I’ve gotten to know author Shay Chan Hodges through blogging and wanted to share with HapaMama readers more about her work, including her ebook Lean On and Lead, especially as it will be available for free download today (12/17/2015) only. So read on…
HapaMama: Tell me a little bit about yourself and your background…
Shay Chan Hodges: I was born and raised in San Francisco, and have lived on Maui for almost 24 years. I went to UC Berkeley for two years and studied Peace and Conflict in Lund, Sweden for two years. I’m married and have two almost-grown sons (one is in his first year of college and the other is a senior in high school.)
Like most parents, I’ve struggled to balance earning a living with raising children. I’ve been a grant writer off and on (because I could do the work at home and to an extent, make my own hours). I also owned a children’s book and toy store during my kids’ early elementary school years (As a small town bricks and mortar merchant, I had countless conversations with other parents about the challenges of raising a family – and sometimes felt like the local free therapist!)
I’ve also been actively involved in local politics, most recently working to pass legislation supporting in-home child care providers and throwing my name in the ring for a brief state legislator race.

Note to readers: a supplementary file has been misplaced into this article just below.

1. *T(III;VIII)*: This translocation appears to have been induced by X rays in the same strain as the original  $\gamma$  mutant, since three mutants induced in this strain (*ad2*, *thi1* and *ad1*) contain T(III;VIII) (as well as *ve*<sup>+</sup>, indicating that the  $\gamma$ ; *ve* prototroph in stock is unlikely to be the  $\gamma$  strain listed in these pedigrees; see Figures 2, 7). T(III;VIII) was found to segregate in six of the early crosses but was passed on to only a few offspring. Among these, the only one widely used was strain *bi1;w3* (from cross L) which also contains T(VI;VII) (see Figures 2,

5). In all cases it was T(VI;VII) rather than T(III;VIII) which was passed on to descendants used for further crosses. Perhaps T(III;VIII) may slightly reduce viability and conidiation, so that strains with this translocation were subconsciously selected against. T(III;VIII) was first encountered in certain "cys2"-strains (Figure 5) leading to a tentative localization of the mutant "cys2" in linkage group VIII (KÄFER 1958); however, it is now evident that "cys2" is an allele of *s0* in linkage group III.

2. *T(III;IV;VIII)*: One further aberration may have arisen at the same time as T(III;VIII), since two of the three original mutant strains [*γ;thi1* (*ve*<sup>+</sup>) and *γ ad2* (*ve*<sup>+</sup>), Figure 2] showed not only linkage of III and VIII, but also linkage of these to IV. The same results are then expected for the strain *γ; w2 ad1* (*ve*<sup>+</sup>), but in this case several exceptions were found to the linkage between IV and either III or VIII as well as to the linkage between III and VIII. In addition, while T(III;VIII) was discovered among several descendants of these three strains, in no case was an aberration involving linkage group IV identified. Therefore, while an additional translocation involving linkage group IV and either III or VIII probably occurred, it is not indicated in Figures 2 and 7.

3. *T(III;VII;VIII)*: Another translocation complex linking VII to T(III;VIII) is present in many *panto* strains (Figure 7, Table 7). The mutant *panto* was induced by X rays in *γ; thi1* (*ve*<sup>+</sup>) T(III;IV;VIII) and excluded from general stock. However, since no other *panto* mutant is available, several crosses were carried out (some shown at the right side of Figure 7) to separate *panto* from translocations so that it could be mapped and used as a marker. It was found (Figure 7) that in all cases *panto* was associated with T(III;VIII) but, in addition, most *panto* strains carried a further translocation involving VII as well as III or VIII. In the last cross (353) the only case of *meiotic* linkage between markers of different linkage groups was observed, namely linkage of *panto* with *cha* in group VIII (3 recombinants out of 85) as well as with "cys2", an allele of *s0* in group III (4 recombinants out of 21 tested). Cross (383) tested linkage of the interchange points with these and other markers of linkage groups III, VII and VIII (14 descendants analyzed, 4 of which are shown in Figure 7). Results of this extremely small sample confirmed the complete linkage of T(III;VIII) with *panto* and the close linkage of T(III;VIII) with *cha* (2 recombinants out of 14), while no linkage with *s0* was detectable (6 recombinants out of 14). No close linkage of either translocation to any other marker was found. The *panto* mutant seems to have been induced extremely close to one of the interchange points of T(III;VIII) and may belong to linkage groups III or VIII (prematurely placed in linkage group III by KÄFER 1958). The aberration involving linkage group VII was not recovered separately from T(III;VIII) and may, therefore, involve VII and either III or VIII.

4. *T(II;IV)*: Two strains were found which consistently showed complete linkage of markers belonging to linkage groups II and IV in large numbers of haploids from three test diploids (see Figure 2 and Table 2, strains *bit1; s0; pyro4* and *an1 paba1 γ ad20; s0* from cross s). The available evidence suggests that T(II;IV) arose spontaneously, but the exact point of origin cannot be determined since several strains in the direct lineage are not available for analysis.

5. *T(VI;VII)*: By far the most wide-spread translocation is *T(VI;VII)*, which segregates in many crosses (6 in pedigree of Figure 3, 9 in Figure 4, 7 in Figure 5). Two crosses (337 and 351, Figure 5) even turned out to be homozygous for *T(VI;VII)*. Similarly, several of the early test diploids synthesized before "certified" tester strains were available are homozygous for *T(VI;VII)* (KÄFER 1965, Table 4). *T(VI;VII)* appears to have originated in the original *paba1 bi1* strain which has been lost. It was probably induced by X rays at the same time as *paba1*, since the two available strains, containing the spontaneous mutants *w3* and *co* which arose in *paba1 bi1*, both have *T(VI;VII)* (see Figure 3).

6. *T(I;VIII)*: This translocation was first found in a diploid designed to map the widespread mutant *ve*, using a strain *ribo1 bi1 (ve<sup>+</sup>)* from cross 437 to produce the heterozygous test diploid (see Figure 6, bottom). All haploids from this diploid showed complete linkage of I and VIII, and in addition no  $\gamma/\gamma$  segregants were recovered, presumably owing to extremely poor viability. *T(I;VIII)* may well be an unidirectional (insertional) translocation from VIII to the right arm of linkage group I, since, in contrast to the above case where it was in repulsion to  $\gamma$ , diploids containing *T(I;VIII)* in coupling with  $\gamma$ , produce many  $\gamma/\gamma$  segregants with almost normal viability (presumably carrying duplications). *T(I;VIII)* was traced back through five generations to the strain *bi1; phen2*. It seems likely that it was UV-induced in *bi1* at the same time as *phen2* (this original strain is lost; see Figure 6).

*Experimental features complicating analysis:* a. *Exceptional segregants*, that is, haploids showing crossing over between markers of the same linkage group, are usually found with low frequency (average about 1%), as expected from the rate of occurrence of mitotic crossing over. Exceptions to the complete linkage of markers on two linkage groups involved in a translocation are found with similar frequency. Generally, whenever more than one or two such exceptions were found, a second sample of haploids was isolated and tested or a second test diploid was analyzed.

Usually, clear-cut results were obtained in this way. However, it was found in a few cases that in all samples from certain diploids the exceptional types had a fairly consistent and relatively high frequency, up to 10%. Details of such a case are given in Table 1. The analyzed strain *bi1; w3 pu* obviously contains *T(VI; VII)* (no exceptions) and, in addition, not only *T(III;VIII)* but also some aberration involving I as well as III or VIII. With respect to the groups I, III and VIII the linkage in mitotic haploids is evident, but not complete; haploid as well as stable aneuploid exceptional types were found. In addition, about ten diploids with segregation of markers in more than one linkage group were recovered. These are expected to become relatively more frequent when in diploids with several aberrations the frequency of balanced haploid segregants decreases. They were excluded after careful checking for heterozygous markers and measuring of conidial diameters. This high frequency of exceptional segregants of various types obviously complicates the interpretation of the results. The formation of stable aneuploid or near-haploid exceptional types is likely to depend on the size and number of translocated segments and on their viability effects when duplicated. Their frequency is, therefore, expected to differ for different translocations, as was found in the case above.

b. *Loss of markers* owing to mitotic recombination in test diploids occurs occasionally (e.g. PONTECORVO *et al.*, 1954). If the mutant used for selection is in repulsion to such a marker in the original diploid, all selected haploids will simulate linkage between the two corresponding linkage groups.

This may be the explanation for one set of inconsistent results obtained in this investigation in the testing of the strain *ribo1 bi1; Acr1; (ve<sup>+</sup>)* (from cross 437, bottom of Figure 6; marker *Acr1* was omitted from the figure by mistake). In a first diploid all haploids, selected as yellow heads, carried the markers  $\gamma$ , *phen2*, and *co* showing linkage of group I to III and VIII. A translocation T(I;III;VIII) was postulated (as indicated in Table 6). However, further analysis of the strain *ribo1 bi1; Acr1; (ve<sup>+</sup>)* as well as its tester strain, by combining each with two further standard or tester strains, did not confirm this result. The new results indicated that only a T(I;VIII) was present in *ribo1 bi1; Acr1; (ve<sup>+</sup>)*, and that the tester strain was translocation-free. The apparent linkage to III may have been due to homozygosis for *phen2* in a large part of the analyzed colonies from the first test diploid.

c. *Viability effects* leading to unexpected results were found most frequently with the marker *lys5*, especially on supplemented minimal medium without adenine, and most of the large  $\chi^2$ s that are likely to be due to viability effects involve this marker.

In many ways, writing Lean On and Lead has provided me with the perfect platform for utilizing skills and expertise that I developed throughout my life – while allowing me to work on something that I’m very passionate about. Now that my kids are almost out of the nest, it’s a wonderful feeling to be able to provide some support to women (and men) who are at the beginning of this journey.
HM: How did the idea for Lean on and Lead come about, and what work went into creating the book?
SCH: In early 2013, I was working for a group that was advocating for childcare providers in California. One of my tasks was to interview parents about how they balanced their professional careers with their childcare needs. These interviewees’ stories reminded me of my own struggles to maintain work-life balance when my kids were small. In fact, the stress of finding caregivers, figuring out child care swaps with other parents, and working late at night to make up for missed work during the day still felt like yesterday. And though my sons were now teenagers, the challenges of reconciling work and parenting (though less acute) were still a reality.
As I continued to collect interviews, I started to notice a multitude of common challenges and glimpses of potential solutions — and it became very clear to me that the “state of the family” cannot be separated from the “state of the economy.” After the contract ended, I decided to interview more parents to develop a comprehensive picture of the day-to-day issues facing families in diverse circumstances – as well as to better understand the link between parenting and the economy.